Clear as mud

A transcript of the Archbishop of Canterbury’s final press conference at the Lambeth Conference is now available. You can also listen to it online.

Beginning at the 21:10 mark, Dr. Rowan Williams attempts to offers some clarity to the old argument about what he means by a moratorium on same sex blessings. Note the first bold faced section. He certainly seems to be saying that the proposed moratorium on “same-sex blessings” is on the authorization of rites for same-sex blessings, not on the practice of providing such blessings.

However, note the second bold faced section. Here Williams conveys the impression that some Episcopal dioceses have authorized rites for blessing same-sex relationships. This isn’t the case. So what “practices” is he talking about? Are those “practices” unique to the “American” church, or do they take place in many provinces–including the Church of England?

Is the archbishop simply having trouble articulating what he means? Is he poorly informed about the state of play on this issue in the Episcopal Church? Or is he using TEC as a prop in a self-exculpatory charade? Same-sex blessings are widespread in the Church of England. Many of them are quite public, as the service at St. Bartholemew’s, London, in May made clear. The only discernible difference between the Episcopal Church and the Church of England on this issue is that some Episcopal bishops acknowledge publicly that blessings take place in their dioceses and are willing to admit that they are not troubled by this.

That wouldn’t seem a distinction significant enough to allow the Archbishop of Canterbury to let himself off the hook in assigning blame for the “strain” in the Communion. But that seems to be what he is doing.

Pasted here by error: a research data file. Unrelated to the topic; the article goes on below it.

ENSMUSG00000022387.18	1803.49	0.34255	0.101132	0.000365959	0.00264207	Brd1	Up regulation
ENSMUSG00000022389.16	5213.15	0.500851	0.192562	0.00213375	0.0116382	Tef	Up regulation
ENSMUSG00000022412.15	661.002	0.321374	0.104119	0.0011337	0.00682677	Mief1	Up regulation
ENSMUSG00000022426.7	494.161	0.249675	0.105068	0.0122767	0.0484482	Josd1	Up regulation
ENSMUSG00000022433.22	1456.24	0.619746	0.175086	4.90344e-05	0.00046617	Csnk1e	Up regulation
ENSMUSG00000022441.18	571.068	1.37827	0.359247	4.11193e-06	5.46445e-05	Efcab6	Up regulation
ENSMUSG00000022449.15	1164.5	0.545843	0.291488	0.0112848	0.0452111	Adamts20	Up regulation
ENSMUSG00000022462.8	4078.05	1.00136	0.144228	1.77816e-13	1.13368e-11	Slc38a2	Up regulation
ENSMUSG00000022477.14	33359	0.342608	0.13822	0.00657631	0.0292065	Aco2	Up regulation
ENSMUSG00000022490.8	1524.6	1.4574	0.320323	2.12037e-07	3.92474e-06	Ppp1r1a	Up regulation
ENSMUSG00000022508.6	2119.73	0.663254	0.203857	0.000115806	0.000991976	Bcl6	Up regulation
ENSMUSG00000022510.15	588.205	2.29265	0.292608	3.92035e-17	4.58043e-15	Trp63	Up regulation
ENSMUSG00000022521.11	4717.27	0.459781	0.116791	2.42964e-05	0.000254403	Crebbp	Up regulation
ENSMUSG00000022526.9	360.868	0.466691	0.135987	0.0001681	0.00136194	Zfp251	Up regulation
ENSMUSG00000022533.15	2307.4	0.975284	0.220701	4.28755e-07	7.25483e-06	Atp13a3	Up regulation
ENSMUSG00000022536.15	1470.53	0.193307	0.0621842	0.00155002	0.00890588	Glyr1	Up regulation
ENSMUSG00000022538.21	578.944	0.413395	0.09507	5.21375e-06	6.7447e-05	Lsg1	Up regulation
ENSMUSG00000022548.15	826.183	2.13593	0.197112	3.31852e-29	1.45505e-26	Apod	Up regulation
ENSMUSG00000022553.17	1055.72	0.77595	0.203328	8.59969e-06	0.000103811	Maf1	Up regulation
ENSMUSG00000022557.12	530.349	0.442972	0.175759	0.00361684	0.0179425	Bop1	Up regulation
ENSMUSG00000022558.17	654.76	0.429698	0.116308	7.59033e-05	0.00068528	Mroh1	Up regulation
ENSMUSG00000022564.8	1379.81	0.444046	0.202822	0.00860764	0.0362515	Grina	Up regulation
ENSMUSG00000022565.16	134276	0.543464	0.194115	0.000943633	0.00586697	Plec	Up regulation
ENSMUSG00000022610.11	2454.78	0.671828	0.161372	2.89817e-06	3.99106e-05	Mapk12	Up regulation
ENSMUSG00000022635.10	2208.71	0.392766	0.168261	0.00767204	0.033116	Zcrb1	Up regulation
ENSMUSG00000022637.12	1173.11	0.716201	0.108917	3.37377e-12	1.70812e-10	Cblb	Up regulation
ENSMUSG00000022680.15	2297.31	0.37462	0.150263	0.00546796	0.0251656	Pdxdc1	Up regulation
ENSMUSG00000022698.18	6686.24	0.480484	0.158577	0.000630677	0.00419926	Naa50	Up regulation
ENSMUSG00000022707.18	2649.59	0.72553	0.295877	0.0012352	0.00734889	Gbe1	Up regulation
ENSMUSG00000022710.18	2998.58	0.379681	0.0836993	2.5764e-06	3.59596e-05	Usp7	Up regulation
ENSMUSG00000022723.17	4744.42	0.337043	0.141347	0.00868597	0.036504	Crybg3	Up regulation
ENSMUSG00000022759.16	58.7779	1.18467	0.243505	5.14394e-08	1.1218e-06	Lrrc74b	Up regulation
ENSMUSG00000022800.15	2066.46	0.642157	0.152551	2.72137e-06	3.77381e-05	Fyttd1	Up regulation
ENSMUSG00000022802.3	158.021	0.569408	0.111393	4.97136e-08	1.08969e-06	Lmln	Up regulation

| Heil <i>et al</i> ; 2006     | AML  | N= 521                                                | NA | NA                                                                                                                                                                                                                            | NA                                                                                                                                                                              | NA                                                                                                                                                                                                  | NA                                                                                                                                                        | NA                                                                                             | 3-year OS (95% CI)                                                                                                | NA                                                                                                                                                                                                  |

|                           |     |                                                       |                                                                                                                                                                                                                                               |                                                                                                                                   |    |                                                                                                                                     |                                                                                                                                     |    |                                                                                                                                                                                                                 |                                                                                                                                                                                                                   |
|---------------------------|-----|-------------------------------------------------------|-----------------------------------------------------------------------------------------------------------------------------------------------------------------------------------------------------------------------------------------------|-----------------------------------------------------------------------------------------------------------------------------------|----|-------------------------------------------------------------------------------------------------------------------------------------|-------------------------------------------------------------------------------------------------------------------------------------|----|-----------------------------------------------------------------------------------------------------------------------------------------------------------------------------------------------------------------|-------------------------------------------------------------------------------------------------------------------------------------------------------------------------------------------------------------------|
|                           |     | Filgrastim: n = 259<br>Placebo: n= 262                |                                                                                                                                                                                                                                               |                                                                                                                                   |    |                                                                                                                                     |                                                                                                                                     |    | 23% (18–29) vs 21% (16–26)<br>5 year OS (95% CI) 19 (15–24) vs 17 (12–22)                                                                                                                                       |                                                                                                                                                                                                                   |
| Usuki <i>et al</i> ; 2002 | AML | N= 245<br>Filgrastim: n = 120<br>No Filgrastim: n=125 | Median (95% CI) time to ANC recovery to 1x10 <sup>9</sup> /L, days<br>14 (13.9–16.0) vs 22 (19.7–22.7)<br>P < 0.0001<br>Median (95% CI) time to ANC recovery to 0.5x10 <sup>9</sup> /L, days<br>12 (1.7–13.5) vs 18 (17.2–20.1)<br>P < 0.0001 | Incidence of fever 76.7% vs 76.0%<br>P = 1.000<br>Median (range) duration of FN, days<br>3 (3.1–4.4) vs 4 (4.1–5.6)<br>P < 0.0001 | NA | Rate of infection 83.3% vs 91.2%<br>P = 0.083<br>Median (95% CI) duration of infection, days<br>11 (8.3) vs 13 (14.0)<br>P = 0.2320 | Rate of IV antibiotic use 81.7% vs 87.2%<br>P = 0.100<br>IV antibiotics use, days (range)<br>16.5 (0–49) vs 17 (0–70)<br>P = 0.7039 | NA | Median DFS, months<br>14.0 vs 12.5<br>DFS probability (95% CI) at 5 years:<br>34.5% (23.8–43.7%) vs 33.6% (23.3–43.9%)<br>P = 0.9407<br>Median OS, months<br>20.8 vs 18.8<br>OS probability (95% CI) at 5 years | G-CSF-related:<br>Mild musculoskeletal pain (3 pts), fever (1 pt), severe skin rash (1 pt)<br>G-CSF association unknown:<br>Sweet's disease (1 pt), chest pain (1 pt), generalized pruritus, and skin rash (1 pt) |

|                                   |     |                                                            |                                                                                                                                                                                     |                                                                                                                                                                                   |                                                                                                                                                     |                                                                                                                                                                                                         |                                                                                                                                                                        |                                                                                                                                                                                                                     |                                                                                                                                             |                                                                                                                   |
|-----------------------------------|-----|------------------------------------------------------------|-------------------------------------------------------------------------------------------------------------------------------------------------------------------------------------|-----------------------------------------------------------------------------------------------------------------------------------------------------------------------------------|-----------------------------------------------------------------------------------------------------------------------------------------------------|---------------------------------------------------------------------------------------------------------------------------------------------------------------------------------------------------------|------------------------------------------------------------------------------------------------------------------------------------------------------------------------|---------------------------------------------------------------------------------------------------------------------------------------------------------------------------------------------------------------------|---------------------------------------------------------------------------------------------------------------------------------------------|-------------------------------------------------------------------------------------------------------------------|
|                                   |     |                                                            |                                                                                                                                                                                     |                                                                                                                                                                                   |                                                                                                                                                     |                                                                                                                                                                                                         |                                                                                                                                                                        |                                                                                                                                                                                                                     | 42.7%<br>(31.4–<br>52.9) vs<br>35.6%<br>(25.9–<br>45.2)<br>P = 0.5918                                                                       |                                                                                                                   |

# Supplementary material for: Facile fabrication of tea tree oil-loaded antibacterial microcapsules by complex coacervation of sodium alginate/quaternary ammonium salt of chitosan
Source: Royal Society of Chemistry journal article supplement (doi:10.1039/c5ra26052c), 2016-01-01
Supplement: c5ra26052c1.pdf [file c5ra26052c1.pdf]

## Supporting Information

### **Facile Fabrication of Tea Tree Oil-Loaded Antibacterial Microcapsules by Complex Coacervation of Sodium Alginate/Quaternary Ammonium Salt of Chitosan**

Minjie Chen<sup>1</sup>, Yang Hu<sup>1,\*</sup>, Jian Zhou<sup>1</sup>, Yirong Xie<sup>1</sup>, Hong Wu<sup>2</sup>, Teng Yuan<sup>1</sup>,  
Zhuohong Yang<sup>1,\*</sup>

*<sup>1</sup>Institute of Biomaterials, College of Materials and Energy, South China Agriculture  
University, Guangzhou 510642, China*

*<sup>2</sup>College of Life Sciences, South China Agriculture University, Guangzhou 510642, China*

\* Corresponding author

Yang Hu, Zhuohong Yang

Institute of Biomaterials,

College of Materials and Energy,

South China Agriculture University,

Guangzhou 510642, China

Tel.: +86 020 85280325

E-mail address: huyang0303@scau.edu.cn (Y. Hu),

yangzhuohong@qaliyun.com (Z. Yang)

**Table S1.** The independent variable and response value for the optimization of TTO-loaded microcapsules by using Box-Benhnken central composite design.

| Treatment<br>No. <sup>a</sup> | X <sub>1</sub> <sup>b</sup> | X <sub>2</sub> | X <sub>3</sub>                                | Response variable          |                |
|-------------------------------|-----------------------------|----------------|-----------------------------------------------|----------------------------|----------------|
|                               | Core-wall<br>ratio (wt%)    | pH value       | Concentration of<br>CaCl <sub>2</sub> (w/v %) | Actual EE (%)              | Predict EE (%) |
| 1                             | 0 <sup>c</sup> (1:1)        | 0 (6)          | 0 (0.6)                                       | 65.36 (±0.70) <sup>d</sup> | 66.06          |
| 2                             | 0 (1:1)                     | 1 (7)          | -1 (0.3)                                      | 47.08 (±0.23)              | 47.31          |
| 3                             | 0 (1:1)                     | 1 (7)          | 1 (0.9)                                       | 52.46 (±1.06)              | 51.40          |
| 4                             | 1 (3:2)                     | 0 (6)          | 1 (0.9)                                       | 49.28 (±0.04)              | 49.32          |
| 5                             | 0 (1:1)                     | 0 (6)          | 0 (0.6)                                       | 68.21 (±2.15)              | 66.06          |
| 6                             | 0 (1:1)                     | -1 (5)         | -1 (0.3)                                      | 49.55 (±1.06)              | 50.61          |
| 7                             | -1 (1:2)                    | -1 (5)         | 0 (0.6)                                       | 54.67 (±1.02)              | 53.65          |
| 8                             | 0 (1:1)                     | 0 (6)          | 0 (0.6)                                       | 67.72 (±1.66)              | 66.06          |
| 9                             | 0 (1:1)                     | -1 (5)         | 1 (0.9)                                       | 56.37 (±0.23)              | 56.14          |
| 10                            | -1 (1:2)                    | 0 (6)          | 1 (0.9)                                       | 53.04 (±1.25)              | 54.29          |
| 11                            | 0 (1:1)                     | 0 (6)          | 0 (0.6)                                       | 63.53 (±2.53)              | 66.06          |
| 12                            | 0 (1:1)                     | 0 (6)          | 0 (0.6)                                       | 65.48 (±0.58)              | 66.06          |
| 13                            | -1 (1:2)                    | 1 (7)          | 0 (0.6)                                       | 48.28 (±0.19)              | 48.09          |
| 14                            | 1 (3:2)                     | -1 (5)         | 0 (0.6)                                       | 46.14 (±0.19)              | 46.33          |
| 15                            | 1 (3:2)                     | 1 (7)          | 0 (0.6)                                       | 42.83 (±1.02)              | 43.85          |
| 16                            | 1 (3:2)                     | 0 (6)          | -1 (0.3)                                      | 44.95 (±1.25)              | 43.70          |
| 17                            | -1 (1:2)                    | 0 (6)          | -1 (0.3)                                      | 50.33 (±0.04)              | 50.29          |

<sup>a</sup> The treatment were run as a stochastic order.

One of the problems around this is that people in different parts of the world clearly define ‘public’ and ‘rights’ and ‘blessing’ in rather different ways. I’d refer I think to what I said in the address this afternoon. As soon as there is a liturgical form it gives the impression: this has the Church’s stamp on it. As soon as that happens I think you’ve moved to another level of apparent commitment, and that I think is nowhere near where the Anglican Communion generally is. In the meeting of Primates at Gramado in Brazil some years ago, the phrase ‘A variety of pastoral response’ was used as an attempt to recognise that there were places where private prayers were said and, although there’s a lot of unease about that, there wasn’t quite the same strength of feeling about that as about public liturgies. But again ‘pastoral response’ has been interpreted very differently and there are those in the USA who would say: ‘Well, pastoral response means rights of blessing’, and I’m not very happy about that.

(Question about moratoria and ‘gracious restraint’ and time limits.)

The indaba groups had a lot of discussion about whether moratorium should have a time limit on it, most do. I think frankly it is very difficult to come to a common mind on this at present and, I think a phrase used by the Primates ‘unless until a wider consensus emerges’ is about as specific as it’s got in the past so I don’t think we’re much further forward than that at the moment.

Archbishop, two of the three moratoria refer to actions that have happened mostly and exclusively in the Episcopal Church the lady from integrity posed a question about why lesbian and gay Christians were being sacrificed and that point has also been made by Susan Russell – are you putting a squeeze on the American Church to get into line?

I’m saying that some of the practices of certain dioceses in the American church continues to put our relations as a communion under strain and that some problems won’t be resolved while those practices continue. I might just add perhaps a note here that one complication in discussing all this is the assumption readily made that the blessing of a same sex union, and or the ordination of someone in the act of same-sex relationship is simply a matter of human rights. I’m not saying that is claimed by people within the Church, but you hear that from time to time, you hear it in the secular press and that’s an assumption that I can’t accept because I think the issue about what conditions a Church lays down for the blessings of unions have to be shaped by its own thinking, its own praying. Now, there’s perfectly serious theological reflection on this in some areas – I’m not saying there isn’t – but I don’t want to short-circuit that argument by saying it’s just a matter of rights. Therefore to say that the rights and dignities of gay and lesbian people as people in society is not what we’re disagreeing about – I hope and pray anyway.

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